FDA Ends Emergency Use of Hydroxychloroquine in Coronavirus Treatments

The Food and Drug Administration (FDA) on Monday announced that it is ending emergency use authorization of chloroquine and hydroxychloroquine to treat hospitalized COVID-19 patients. The decision came after a request from Gary Disbrow, acting director of the Biomedical Advanced Research and Development Authority, with FDA chief scientist Denise Hinton stating in the Monday notice that the drugs were "unlikely to be effective in treating COVID-19 for the authorized uses in the EUA."

In the notice, the FDA cited "new information, including clinical trial data results" for its decision. That new information led to the conclusion that not only may the drugs be ineffective against the coronavirus, but their "potential benefits for such use do not outweigh its known and potential risks.

The FDA had authorized emergency use of both chloroquine and hydroxychloroquine, both of which are approved to treat other ailments, including malaria, in March. The authorization meant that medical professionals would be able to treat patients hospitalized with Covid-19 with the drugs, despite that they had not yet been approved by the agency. In April, however, the FDA warned against using hydroxychloroquine and chloroquine to treat COVID-19 patients outside hospital or clinical trials. The warning, the FDA said, was due to a link between the drugs and "serious heart rhythm problems," which would lead to death in some cases. Just a month later, in May, the World Health Organization (WHO) suspended clinical trials on hydroxychloroquine, citing a studied that analyzed 96,000 patients and found that those who were treated with hydroxychloroquine were more likely to develop heart arrhythmia, which could lead to cardiac arrest.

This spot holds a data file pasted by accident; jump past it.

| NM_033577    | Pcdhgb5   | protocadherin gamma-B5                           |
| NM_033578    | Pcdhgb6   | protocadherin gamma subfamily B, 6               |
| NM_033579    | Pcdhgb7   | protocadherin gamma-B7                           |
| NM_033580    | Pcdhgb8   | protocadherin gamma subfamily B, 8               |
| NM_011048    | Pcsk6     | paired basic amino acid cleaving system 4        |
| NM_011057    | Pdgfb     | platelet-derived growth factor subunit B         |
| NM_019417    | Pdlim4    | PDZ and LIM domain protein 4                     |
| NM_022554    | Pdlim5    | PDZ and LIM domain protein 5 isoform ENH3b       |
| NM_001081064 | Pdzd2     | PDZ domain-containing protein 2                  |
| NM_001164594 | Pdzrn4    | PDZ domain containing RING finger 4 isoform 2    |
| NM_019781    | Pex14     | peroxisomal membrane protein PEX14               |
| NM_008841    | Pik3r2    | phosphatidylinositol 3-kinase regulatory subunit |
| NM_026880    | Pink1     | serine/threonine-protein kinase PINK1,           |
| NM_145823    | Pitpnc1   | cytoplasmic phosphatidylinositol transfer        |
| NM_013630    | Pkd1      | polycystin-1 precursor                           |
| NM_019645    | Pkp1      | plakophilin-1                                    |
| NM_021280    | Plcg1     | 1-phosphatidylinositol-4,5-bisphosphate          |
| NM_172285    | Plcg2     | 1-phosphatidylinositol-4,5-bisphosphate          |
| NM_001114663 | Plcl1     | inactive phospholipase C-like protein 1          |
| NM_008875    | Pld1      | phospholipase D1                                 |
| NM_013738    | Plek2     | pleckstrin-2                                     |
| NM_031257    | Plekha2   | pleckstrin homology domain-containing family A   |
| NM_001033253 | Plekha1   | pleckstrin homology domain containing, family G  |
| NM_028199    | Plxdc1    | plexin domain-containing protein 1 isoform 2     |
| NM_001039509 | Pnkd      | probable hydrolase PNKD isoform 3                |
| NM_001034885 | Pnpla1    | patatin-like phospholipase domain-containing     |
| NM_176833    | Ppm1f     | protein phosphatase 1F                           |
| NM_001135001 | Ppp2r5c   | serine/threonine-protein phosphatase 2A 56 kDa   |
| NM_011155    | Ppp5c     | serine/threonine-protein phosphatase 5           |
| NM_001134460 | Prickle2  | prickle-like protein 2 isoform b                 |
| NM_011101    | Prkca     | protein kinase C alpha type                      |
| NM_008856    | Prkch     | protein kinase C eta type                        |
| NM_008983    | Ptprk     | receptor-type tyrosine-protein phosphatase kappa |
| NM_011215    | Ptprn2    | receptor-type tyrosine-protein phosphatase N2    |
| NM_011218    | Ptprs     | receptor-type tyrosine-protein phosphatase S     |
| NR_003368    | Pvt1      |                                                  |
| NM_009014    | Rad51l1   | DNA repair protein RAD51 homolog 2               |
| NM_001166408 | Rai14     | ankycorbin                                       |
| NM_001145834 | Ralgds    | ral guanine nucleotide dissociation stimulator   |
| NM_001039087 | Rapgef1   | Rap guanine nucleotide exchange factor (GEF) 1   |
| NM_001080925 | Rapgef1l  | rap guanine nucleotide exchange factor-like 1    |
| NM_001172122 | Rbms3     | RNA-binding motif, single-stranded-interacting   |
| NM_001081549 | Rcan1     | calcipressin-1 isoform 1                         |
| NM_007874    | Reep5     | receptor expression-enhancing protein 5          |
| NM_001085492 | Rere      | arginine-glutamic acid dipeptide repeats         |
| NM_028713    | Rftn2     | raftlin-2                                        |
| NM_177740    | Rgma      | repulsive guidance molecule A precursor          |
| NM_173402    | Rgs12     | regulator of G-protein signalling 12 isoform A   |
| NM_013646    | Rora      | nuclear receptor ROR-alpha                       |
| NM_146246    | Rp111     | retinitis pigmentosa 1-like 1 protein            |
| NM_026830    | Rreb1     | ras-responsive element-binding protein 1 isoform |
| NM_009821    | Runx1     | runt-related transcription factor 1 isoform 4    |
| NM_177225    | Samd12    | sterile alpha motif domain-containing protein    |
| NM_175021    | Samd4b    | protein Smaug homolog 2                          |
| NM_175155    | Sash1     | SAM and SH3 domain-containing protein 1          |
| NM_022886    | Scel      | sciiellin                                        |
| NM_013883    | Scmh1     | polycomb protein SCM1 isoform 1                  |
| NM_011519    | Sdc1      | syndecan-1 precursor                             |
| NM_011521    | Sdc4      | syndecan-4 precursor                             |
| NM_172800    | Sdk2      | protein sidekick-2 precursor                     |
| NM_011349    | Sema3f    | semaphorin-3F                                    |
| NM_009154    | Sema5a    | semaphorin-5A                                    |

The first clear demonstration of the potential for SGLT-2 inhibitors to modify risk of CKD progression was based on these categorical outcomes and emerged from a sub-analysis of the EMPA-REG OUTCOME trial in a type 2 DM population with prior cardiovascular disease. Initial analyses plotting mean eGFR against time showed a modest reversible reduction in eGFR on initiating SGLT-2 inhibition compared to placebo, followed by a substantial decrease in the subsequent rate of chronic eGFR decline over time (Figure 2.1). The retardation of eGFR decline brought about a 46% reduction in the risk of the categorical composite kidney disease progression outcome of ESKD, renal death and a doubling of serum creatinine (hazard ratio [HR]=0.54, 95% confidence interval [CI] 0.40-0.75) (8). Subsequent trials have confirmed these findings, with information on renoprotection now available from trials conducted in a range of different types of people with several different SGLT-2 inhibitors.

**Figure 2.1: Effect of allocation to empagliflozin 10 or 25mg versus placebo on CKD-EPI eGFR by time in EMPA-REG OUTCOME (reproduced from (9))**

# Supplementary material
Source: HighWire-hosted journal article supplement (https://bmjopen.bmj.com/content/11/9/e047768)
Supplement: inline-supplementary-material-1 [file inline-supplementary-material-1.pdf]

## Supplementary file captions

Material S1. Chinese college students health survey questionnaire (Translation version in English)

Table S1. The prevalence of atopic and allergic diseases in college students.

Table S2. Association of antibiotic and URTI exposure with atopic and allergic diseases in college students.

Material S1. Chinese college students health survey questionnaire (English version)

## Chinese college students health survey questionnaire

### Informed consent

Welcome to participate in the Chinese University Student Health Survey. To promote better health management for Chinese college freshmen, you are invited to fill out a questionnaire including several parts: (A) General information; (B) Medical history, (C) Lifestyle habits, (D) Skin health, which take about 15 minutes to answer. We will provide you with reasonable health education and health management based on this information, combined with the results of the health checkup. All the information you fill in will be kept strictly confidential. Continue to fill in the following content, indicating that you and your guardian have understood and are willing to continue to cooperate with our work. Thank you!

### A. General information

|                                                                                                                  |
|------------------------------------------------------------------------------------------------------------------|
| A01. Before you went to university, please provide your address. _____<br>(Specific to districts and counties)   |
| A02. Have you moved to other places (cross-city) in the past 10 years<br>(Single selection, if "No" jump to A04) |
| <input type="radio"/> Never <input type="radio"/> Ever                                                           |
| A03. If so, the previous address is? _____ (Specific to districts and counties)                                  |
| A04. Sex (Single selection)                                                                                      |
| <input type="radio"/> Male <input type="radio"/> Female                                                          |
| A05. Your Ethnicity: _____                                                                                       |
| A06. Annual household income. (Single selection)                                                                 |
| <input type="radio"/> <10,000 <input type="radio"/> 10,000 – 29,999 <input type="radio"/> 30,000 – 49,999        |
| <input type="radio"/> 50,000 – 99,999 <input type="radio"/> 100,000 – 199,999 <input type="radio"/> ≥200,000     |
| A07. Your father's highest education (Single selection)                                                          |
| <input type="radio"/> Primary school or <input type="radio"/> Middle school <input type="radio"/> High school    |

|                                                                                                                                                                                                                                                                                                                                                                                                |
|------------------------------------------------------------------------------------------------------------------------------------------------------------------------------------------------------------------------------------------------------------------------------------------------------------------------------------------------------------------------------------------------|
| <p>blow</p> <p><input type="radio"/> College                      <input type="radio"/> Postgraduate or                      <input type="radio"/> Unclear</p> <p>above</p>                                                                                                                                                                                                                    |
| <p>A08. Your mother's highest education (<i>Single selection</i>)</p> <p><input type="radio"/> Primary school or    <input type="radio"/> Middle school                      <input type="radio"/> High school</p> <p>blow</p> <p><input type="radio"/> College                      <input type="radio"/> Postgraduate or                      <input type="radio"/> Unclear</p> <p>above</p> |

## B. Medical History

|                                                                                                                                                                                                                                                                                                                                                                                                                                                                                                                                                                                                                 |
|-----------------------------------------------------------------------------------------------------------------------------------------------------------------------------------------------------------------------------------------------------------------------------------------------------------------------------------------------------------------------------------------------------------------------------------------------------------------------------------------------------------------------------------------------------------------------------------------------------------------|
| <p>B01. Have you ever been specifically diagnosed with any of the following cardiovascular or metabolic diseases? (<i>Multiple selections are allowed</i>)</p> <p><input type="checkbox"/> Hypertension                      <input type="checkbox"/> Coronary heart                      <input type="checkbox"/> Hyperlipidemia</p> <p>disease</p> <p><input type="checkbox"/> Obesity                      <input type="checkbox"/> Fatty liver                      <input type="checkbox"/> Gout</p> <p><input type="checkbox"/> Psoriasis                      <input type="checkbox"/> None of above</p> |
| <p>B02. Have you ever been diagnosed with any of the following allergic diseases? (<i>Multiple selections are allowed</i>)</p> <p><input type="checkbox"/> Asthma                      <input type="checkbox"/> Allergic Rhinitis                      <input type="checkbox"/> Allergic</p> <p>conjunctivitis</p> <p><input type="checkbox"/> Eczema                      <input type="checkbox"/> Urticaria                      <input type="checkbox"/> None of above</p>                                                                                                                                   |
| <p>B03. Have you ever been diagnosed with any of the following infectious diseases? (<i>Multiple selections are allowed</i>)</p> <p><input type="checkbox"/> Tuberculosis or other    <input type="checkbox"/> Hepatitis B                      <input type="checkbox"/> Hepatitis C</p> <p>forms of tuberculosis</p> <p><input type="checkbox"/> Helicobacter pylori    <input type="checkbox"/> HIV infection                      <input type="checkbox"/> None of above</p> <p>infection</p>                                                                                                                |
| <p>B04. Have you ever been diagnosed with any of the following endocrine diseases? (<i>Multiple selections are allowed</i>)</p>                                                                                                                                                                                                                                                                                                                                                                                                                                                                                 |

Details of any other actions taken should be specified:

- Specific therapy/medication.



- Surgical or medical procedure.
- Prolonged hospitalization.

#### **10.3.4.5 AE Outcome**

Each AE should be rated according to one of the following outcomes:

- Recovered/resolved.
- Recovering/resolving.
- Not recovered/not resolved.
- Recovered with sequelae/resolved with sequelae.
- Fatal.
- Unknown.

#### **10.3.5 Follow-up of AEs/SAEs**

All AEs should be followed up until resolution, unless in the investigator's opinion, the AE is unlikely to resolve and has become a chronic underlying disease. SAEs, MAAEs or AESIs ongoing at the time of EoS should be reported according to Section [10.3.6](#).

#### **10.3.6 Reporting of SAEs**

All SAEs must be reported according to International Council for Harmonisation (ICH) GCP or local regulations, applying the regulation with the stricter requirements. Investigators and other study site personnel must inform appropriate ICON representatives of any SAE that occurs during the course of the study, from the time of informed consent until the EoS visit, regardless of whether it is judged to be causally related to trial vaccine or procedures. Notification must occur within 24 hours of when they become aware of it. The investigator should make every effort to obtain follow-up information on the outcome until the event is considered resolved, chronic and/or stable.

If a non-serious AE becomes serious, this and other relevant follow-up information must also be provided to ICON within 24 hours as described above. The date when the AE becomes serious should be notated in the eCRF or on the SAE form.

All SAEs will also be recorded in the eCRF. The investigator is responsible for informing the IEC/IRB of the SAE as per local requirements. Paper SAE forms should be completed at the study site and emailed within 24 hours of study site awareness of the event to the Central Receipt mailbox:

The drugs had been touted by President Donald Trump early on in his coronavirus response as a promising COVID-19 treatment. In early April, as the FDA issued its warning, the United States had begun stockpiling the drug. Trump later revealed that he had been "taking it for about a week and a half" as a precaution. Later addressing the claims and the concerns they prompted, his doctor, Physician to the President Sean P. Conley, said that they discussed evidence for and against hydroxychloroquine and "concluded the potential benefit from treatment outweighed the relative risk."


News of the FDA's decision to reverse its emergency use authorization comes as fears of a second wave of the coronavirus intensify. Although all 50 states have eased lockdowns, a number of states are seeing a rise in confirmed cases. Dr. Anthony Fauci, the director of the National Institute of Allergy and Infectious Diseases and the White House's top doctor on the coronavirus task force, stated in late April that a second wave of the coronavirus in "inevitable" in the United States, though there is rising promise that a coronavirus vaccine could be available in the near future.